· They are based on selection.
· Don't teach the NC
· There's a strong link between independent schools and the top jobs.
· Largely draw pupils from the upper classes.
· Often have their sources of income from land, and investments from past pupils.
· Independent schools are supported by the New Right as it supports the `free market'.
· Generally having better results. · Fees
· Better resources/facilities. · Have to sit an exam to get entry.
· Better teachers. · Class inequality as mostly MC attend
independent schools.
· Smaller class sizes-teaching less
problematic students. · Snobby rich kids
· Highers careers later in life. · Maintains and reproduces class divisions
within society- Marxists view.
· Extra curricular activities.
· Less behaviour issues-higher discipline.
· Freedom- not controlled by the LEA
(Local Education Authority).
Assisted Places Scheme
· Involves giving money to gifted children, to help them pay fees for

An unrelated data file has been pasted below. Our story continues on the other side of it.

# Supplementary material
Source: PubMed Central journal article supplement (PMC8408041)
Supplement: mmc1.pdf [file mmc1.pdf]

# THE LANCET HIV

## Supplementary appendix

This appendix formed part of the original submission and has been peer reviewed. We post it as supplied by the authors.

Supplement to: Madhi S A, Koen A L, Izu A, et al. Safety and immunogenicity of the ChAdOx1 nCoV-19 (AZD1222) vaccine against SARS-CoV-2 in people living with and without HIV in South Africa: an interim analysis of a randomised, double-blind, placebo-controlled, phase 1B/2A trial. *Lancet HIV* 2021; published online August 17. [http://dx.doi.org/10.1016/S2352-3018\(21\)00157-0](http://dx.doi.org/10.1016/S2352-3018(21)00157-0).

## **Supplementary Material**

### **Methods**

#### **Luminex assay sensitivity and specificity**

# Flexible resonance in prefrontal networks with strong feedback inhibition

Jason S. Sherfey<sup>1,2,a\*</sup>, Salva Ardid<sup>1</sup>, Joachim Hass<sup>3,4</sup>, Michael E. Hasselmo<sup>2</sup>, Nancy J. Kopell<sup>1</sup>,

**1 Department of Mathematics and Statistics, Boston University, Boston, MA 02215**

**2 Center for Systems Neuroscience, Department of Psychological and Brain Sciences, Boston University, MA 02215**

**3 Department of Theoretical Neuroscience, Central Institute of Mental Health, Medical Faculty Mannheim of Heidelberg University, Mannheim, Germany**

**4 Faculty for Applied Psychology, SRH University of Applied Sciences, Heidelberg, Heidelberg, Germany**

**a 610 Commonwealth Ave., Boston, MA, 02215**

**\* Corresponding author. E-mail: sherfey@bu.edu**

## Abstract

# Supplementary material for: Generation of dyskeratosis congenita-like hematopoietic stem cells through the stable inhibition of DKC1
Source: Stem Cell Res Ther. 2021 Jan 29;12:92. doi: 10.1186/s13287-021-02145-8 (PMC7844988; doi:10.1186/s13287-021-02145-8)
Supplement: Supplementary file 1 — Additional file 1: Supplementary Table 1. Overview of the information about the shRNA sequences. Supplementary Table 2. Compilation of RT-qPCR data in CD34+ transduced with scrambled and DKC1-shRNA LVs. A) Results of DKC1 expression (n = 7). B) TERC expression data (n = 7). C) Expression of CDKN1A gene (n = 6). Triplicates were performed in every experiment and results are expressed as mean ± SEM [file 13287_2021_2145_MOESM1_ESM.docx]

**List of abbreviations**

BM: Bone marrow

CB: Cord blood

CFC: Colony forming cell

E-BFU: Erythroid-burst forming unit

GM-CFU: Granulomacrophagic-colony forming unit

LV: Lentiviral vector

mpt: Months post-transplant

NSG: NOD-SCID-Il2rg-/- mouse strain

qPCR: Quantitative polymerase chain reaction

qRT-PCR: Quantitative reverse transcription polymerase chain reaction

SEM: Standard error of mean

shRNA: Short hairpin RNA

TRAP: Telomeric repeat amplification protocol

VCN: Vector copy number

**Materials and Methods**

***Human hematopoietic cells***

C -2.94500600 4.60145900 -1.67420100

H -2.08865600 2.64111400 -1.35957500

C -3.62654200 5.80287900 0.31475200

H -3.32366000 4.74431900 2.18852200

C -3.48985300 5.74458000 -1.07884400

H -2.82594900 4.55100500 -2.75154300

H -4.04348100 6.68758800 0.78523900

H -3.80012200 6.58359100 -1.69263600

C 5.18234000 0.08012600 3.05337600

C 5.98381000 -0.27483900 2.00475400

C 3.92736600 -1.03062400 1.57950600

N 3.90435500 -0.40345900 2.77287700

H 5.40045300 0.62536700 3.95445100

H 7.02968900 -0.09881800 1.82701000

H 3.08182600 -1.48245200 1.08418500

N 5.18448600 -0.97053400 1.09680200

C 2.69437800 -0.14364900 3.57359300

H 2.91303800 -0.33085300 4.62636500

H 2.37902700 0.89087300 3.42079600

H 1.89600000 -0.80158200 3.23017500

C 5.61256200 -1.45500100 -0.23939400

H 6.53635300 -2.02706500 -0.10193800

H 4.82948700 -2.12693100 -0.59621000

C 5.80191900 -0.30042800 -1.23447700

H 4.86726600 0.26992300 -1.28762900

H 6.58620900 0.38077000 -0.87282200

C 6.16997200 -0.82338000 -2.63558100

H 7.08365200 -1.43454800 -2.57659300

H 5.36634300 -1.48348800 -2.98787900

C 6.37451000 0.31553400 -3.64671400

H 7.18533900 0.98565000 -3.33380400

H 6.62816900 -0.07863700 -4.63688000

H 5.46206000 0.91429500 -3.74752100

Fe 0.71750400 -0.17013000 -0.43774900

independent schooling.
· This was introduced in the 1980 Education Act.
· This scheme reinforces the private sector of education.
· A selection of pupils is left to the schools, and they usually undertake
interviews.
· This system may continue to disadvantage the WC pupils.…read more

Slide 6

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Educational Policies In
Britain.
Marketisation & Parentocracy-
Conservative Government 1979-1997
· Saw education as failing to provide a skilled workforce.
· Schools were seen to fail pupils, and standards were dropped.
· Therefore the standards needed to be raised, and this was through introducing
competition between schools- creating and `education market'.